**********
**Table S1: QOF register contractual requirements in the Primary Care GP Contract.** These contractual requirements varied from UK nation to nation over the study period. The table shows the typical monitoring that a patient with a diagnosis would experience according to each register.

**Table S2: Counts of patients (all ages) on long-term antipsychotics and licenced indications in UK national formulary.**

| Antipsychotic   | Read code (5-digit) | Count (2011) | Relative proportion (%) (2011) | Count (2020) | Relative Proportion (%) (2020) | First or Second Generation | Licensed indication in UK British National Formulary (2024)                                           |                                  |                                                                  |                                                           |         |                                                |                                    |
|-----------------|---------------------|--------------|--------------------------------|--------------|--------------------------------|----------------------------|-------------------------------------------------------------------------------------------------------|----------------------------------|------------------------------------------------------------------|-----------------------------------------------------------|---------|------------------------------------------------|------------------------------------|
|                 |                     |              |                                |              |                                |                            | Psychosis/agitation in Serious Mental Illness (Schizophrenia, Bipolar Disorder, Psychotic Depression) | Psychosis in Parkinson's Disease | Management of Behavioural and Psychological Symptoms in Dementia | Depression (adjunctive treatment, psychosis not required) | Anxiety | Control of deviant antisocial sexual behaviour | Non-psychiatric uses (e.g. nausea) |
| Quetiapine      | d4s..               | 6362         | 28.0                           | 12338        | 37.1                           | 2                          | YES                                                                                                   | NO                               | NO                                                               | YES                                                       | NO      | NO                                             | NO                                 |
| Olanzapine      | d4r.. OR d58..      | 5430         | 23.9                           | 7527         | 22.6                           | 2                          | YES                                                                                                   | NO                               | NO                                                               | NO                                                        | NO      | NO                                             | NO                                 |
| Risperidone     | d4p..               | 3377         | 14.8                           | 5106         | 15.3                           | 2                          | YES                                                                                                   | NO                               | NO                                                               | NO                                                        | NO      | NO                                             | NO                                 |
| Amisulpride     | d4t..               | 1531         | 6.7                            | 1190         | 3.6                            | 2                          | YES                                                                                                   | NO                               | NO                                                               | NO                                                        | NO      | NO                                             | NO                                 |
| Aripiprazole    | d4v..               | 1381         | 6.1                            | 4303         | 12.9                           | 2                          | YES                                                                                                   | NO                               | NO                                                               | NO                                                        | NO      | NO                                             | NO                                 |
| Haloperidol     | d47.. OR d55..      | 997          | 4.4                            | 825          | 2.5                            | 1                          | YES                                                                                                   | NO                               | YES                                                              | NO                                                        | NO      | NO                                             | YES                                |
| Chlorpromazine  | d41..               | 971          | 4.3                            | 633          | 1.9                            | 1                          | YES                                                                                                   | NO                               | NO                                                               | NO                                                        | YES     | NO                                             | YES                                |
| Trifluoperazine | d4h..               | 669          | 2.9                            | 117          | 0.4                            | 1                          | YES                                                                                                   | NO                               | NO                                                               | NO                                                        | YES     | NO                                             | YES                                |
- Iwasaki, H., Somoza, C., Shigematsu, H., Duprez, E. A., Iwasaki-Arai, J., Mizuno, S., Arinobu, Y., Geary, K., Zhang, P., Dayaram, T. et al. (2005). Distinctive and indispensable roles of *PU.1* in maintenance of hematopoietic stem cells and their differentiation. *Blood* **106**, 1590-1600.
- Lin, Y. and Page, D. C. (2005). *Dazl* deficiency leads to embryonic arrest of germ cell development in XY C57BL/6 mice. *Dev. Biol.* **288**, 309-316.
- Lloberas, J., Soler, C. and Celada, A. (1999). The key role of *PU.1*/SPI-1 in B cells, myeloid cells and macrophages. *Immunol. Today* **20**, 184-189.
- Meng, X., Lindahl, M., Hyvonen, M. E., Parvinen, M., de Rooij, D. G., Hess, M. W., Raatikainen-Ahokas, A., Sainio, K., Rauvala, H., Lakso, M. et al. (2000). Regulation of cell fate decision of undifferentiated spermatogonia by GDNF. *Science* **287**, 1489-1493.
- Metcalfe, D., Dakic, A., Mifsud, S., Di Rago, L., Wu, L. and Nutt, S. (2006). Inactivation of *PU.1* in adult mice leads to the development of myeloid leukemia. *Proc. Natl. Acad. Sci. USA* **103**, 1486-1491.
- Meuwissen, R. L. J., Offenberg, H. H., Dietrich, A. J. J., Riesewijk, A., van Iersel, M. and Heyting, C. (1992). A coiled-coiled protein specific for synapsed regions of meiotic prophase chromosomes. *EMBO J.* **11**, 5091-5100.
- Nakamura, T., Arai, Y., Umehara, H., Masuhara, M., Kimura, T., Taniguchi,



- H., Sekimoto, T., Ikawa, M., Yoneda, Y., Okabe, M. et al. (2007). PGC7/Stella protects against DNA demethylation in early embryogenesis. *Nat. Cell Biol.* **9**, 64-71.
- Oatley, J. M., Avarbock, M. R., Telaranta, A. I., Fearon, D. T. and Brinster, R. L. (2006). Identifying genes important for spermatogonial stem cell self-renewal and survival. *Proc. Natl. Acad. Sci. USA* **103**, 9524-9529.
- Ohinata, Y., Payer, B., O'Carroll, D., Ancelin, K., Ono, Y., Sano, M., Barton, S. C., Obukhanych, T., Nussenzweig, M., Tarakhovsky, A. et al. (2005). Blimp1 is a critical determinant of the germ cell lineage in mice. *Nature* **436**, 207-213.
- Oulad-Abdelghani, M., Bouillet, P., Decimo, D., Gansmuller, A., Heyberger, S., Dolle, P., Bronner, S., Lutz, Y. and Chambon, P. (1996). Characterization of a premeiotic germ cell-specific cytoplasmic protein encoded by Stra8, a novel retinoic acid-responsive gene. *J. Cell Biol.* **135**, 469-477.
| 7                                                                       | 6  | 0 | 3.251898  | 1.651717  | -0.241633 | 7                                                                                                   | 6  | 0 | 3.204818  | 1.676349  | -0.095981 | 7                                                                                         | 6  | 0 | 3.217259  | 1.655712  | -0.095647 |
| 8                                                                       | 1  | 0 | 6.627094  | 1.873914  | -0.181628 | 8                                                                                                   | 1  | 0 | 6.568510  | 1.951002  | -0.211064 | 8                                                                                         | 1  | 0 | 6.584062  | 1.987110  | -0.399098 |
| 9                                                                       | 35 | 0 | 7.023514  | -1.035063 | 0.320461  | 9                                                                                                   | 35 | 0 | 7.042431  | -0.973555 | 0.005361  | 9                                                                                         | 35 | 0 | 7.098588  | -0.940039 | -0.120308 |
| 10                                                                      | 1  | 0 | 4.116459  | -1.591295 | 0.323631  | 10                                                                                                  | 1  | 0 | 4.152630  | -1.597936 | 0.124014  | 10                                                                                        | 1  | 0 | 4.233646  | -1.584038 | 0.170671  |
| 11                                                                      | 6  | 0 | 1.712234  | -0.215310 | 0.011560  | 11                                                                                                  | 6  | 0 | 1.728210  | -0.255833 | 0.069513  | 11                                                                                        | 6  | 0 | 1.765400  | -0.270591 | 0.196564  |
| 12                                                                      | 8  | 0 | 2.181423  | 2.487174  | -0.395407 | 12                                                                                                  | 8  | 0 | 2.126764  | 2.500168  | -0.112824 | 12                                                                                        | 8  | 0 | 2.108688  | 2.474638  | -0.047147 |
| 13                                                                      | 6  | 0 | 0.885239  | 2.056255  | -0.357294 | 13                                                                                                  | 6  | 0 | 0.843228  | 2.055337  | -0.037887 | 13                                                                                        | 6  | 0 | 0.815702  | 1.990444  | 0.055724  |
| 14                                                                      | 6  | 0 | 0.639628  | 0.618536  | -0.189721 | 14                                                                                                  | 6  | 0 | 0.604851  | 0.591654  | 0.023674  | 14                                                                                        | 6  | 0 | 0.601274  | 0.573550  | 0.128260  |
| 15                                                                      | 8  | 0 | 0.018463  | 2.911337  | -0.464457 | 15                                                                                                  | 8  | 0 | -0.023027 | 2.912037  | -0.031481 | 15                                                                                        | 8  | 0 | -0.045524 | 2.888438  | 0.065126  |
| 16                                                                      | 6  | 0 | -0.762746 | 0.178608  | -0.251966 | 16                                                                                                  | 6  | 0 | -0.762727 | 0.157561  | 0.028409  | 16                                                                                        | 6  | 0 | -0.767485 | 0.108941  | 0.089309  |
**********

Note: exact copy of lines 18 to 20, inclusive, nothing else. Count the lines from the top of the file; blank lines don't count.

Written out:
- Metcalfe, D., Dakic, A., Mifsud, S., Di Rago, L., Wu, L. and Nutt, S. (2006). Inactivation of *PU.1* in adult mice leads to the development of myeloid leukemia. *Proc. Natl. Acad. Sci. USA* **103**, 1486-1491.
- Meuwissen, R. L. J., Offenberg, H. H., Dietrich, A. J. J., Riesewijk, A., van Iersel, M. and Heyting, C. (1992). A coiled-coiled protein specific for synapsed regions of meiotic prophase chromosomes. *EMBO J.* **11**, 5091-5100.
- Nakamura, T., Arai, Y., Umehara, H., Masuhara, M., Kimura, T., Taniguchi,